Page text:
Developed By: Christopher Schwartz
Topics: Transcriptional regulation, bacterial gene reulation, operons
Overview: This teachable unit is designed to teach students commonalities and differences of bacterial gene regulation and operon structure.
Developed By: Elyssa Monzack
Topics: Vaccines, immune system, Autism
Overview: This unit specifically was designed to help students sift through the mountain of articles that have been written in the last 10 years or so about a link between vaccines and Autism- namely, that vaccines may be the cause of rising Autism cases across the world. In addition to the scientific basics, they should also understand how the concept of vaccines as the cause of Autism arose in the scientific community, what aspects of it have been misunderstood, and how the media is able to distort scientific evidence and give rise to fear on a wide scale.
Developed By: Eric Lewellyn
Topics: ATP synthesis, symbiosis, bacterial defense against phage
Overview: This unit contains material for three class sessions to be used as part of an upper-level undergraduate microbiology course. Students will learn about ATP synthesis, symbiosis, and bacterial defense against phage. In covering these topics, students will learn strategies for reading primary scientific literature and learn to critically evaluate experimental evidence.These materials are primarily designed for a small class size.
Developed By: Heather Pelzel and Kenneth Todar
Topics: microbes, basic biochemistry, normal flora and pathogens, growth control techniques
Overview: This two-week unit was designed for an introductory course in microbiology for non-majors. The overarching goal of the class was to instill an interest for microbes and some scientific literacy, such that our students would be able to understand an article from a mass media source relating to microbes. This unit combines all of the topics listed above as they relate to foods – production, spoilage, and disease.
Developed By: Lisa Lenertz
Topics: immunology, immunity, vaccines, autoimmune diseases, allergies
Overview: This unit introduces non-science majors to human biology through lessons about innate and adaptive immunity, vaccines, autoimmune diseases, allergies, and current events related to immunology. The overarching goal of the unit is to ignite student interest in immunology topics that are directly related to their lives. Although this unit was designed for non-science majors, the context can be modified to accommodate biology majors. This unit spans five days, but ideally a few more classes should be allowed to cover each topic in detail because immunology is often a difficult subject for students to grasp. Lectures, small group discussions, and a large class debate are used in this teachable unit.
Developed By: Peter Kuhn, Cassie Theusch, Janet Batzli, Michelle Harris
Topics: cellular biology, molecular biology, protein structure, protein function, bioinformatic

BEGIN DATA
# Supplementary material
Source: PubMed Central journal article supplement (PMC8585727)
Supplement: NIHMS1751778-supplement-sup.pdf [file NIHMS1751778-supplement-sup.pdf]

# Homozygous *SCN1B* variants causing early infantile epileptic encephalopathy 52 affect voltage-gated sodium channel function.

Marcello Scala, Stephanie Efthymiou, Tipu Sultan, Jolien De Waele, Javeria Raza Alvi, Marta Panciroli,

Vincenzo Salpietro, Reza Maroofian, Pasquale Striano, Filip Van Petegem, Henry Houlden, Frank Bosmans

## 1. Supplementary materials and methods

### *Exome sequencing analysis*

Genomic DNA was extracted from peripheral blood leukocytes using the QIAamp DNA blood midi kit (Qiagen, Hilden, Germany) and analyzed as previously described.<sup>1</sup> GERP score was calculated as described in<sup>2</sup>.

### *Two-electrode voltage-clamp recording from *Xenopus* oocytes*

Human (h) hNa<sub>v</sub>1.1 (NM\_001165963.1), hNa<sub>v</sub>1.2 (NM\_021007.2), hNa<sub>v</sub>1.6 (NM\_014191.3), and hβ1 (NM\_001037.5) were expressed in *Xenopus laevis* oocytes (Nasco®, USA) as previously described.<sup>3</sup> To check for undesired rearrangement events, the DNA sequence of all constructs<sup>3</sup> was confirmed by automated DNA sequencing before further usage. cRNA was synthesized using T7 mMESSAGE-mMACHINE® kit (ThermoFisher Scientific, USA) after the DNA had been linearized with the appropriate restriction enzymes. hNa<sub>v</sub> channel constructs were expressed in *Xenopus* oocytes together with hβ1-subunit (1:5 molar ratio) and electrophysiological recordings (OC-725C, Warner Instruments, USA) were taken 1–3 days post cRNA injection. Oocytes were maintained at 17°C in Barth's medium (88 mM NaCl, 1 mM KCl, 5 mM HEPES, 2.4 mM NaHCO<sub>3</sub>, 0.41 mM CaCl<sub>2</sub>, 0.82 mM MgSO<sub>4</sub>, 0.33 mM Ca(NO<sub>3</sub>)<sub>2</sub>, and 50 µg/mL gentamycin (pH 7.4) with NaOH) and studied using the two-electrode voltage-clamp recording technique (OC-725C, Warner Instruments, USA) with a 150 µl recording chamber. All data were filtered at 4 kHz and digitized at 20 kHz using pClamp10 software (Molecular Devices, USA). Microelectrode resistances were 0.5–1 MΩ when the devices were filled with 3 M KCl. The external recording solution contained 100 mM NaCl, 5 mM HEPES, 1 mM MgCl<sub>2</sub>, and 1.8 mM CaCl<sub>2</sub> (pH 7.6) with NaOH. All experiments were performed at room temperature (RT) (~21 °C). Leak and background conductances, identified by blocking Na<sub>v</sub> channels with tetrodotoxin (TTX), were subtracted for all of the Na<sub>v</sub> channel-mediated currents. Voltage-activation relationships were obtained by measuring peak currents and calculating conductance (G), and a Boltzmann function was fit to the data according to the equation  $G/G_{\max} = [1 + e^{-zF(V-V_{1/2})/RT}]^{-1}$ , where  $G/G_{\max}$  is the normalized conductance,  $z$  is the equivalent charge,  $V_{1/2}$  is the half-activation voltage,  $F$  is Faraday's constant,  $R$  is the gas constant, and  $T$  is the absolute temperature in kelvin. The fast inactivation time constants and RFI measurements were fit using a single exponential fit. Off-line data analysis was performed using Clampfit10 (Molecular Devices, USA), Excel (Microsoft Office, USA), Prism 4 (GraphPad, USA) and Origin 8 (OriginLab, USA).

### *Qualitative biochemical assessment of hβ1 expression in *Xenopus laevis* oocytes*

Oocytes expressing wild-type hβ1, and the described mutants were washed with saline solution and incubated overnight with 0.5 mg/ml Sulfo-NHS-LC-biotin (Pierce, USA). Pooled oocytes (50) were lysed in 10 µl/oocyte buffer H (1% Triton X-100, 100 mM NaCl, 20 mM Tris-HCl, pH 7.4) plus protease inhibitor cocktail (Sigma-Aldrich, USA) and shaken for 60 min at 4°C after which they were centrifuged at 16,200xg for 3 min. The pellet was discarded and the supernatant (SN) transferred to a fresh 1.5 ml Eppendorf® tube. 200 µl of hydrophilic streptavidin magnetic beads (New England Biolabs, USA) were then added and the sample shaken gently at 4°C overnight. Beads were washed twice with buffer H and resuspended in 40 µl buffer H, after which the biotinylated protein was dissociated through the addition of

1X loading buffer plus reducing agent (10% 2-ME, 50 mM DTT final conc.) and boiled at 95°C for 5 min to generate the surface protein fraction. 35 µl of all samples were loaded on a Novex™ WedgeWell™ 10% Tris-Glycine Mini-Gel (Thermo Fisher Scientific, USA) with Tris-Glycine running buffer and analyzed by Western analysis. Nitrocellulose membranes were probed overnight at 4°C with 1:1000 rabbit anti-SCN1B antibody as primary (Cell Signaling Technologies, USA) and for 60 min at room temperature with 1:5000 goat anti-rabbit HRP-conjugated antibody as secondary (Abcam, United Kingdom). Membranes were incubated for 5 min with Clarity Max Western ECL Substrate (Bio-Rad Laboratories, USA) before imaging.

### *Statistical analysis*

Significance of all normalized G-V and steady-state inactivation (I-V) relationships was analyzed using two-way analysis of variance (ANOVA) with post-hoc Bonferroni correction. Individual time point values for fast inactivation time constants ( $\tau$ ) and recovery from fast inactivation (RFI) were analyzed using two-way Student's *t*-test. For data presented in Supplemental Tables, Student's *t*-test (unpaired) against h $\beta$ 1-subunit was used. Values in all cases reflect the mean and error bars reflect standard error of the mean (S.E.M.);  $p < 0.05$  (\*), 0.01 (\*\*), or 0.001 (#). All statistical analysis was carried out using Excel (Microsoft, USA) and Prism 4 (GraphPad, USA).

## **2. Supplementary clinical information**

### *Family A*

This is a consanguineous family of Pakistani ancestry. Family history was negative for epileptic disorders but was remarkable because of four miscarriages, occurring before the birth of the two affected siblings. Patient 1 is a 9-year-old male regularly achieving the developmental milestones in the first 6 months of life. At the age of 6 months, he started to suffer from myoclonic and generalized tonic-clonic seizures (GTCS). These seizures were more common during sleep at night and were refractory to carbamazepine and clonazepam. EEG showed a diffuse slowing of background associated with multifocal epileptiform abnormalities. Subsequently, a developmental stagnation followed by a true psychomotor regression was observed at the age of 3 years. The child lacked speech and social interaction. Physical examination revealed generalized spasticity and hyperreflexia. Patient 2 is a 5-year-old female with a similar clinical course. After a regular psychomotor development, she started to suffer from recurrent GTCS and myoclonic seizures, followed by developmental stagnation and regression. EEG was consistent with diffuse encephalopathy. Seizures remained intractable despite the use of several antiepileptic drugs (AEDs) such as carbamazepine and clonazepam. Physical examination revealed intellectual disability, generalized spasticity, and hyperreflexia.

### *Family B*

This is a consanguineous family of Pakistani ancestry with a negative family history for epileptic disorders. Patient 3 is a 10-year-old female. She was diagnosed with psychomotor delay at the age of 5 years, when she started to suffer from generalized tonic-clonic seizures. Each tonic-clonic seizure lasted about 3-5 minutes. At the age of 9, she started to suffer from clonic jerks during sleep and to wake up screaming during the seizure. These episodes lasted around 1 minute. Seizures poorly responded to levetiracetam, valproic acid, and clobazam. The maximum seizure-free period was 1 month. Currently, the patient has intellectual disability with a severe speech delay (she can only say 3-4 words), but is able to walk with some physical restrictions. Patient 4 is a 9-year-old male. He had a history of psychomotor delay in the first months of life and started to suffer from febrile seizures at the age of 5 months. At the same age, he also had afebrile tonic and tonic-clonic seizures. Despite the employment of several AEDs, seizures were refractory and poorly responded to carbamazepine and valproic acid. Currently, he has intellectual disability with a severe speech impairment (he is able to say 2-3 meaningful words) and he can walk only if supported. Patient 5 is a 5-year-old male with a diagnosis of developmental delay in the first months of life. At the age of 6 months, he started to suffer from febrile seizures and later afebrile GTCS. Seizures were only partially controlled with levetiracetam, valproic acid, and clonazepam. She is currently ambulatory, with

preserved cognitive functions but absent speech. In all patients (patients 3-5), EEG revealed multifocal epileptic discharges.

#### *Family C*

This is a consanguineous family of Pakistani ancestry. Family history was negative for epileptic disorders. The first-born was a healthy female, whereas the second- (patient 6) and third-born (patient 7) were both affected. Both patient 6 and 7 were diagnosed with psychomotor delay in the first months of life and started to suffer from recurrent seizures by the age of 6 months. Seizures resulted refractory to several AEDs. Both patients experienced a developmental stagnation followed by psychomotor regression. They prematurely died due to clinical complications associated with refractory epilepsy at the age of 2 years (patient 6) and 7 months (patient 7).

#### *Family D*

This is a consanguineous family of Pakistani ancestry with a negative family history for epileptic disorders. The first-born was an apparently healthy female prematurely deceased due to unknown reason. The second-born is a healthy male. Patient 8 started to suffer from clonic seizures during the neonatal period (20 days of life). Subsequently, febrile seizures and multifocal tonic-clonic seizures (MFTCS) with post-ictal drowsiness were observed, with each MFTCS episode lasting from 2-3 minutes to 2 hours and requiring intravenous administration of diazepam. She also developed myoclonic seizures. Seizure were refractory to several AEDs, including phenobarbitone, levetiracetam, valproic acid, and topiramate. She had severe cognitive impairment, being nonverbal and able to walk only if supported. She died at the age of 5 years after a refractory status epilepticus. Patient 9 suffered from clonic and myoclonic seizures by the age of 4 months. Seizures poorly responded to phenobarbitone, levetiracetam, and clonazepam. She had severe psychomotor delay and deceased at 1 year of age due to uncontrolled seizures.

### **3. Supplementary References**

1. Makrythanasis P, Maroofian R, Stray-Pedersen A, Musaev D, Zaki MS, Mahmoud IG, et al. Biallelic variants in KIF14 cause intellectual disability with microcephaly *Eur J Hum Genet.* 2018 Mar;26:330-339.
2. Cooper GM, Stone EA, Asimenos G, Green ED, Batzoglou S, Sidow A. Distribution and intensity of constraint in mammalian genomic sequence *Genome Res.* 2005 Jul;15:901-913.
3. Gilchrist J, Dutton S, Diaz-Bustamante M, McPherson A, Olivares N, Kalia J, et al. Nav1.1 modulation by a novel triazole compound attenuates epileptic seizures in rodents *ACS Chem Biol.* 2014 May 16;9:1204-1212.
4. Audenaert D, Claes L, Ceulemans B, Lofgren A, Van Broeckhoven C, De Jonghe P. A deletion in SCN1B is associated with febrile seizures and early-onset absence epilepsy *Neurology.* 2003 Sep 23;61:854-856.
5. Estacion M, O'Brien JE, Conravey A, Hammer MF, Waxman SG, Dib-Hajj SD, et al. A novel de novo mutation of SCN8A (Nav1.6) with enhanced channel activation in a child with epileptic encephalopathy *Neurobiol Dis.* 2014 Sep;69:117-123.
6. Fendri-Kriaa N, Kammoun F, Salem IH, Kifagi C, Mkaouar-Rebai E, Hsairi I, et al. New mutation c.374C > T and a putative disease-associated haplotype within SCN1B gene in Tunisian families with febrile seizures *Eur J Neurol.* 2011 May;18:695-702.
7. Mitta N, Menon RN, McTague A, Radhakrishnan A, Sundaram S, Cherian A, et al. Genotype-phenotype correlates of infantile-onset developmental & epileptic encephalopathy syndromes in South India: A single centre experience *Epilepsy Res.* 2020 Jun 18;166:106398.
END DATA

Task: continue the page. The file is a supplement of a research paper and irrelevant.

Overview: Biocore 304 is the second semester lab course, focusing on cellular and molecular biology. The second of four learning units within this class, the Enzyme Catalysis Unit is designed to introduce students to basic enzymology and Michaelis-Menten kinetics. As the first exposure to biology at the molecular level, this unit also introduces basic concepts about protein structure and function. The unit utilizes technology to both help students visualize structural data as well and understand how to identify those most important details within a complex problem. Bioinformatic tools are introduced to students to facilitate their comprehension of protein structure though cross-species comparisions and analysis of single-point mutations.
Developed By: Stacy Hagemeier
Topics: bioterrorism, microbes, viruses, bacteria, toxins
Overview: This teaching unit contains material for 4 sessions about microorganisms used for bioterrorism. The unit was designed to teach students about the properties of bioterrorism agents during which the students will have to use scientific reasoning to think about the microbes’ properties and their role in biological warfare. The first lesson focuses on the general properties of bioterrorism agents. The second and third lectures focus on specific viruses, bacteria and toxins considered to be potential biological weapons. The final lesson is a student-led large group discussion on the varying controversial issues surrounding the topic of biological warfare. This unit was designed to incorporate multiple student-centered active learning lessons into classes.
Developed By: Amy Briggs
Topics: Scientific process, Thomas Kuhn, hypotheses, predictions, personal statements
Overview: Personal experience and past teaching experience indicate that students struggle with conceptual understanding of the scientific process and its components. Many resources are available for teaching the scientific process, but most are either too advanced or too simplistic for the BIO375 group of students (freshman biology majors). This teachable unit attempts to convey the scientific process as dynamic, rather than rigid, using the philosopher Thomas Kuhn’s “structure of scientific revolutions” as a framework. These teachable unit materials are designed for early college students with some background in biology.